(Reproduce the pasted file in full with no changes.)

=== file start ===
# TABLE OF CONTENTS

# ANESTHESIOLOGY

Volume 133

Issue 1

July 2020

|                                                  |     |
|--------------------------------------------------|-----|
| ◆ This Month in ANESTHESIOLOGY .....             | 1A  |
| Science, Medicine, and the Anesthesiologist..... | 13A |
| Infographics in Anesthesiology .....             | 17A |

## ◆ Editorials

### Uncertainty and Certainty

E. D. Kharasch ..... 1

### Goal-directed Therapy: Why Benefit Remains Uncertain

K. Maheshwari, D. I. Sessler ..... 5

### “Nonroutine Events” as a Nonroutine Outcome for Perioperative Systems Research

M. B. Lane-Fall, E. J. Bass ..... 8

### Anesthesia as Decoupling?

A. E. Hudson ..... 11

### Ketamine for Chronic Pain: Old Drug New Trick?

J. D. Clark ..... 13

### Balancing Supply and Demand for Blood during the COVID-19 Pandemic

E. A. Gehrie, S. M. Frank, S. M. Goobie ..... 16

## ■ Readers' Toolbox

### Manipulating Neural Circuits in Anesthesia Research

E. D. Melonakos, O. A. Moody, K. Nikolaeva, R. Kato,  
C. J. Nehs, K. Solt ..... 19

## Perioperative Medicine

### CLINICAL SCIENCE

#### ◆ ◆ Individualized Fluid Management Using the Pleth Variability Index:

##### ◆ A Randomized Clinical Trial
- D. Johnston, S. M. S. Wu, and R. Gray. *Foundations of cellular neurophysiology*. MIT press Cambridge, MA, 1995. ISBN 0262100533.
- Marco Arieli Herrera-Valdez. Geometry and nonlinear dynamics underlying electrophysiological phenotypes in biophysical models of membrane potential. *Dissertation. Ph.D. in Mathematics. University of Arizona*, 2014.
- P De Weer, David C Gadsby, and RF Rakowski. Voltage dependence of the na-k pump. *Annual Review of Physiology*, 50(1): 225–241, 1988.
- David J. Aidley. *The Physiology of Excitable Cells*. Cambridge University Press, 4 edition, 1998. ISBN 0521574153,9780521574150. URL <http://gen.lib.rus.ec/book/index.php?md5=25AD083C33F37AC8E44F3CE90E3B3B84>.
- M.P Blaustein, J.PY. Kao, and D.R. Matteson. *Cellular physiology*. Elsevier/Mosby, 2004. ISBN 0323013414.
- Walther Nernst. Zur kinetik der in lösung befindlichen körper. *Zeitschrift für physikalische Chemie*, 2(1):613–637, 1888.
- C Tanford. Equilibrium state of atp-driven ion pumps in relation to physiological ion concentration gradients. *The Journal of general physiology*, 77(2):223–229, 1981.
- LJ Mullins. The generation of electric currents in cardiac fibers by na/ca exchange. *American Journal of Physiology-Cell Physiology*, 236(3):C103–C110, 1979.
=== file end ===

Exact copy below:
# TABLE OF CONTENTS

# ANESTHESIOLOGY

Volume 133

Issue 1

July 2020

|                                                  |     |
|--------------------------------------------------|-----|
| ◆ This Month in ANESTHESIOLOGY .....             | 1A  |
| Science, Medicine, and the Anesthesiologist..... | 13A |
| Infographics in Anesthesiology .....             | 17A |

## ◆ Editorials

### Uncertainty and Certainty

E. D. Kharasch ..... 1

### Goal-directed Therapy: Why Benefit Remains Uncertain

K. Maheshwari, D. I. Sessler ..... 5

### “Nonroutine Events” as a Nonroutine Outcome for Perioperative Systems Research

M. B. Lane-Fall, E. J. Bass ..... 8

### Anesthesia as Decoupling?

A. E. Hudson ..... 11

### Ketamine for Chronic Pain: Old Drug New Trick?

J. D. Clark ..... 13

### Balancing Supply and Demand for Blood during the COVID-19 Pandemic

E. A. Gehrie, S. M. Frank, S. M. Goobie ..... 16

## ■ Readers' Toolbox

### Manipulating Neural Circuits in Anesthesia Research

E. D. Melonakos, O. A. Moody, K. Nikolaeva, R. Kato,  
C. J. Nehs, K. Solt ..... 19

## Perioperative Medicine

### CLINICAL SCIENCE

#### ◆ ◆ Individualized Fluid Management Using the Pleth Variability Index:

##### ◆ A Randomized Clinical Trial
- D. Johnston, S. M. S. Wu, and R. Gray. *Foundations of cellular neurophysiology*. MIT press Cambridge, MA, 1995. ISBN 0262100533.
- Marco Arieli Herrera-Valdez. Geometry and nonlinear dynamics underlying electrophysiological phenotypes in biophysical models of membrane potential. *Dissertation. Ph.D. in Mathematics. University of Arizona*, 2014.
- P De Weer, David C Gadsby, and RF Rakowski. Voltage dependence of the na-k pump. *Annual Review of Physiology*, 50(1): 225–241, 1988.
- David J. Aidley. *The Physiology of Excitable Cells*. Cambridge University Press, 4 edition, 1998. ISBN 0521574153,9780521574150. URL <http://gen.lib.rus.ec/book/index.php?md5=25AD083C33F37AC8E44F3CE90E3B3B84>.
- M.P Blaustein, J.PY. Kao, and D.R. Matteson. *Cellular physiology*. Elsevier/Mosby, 2004. ISBN 0323013414.
- Walther Nernst. Zur kinetik der in lösung befindlichen körper. *Zeitschrift für physikalische Chemie*, 2(1):613–637, 1888.
- C Tanford. Equilibrium state of atp-driven ion pumps in relation to physiological ion concentration gradients. *The Journal of general physiology*, 77(2):223–229, 1981.
- LJ Mullins. The generation of electric currents in cardiac fibers by na/ca exchange. *American Journal of Physiology-Cell Physiology*, 236(3):C103–C110, 1979.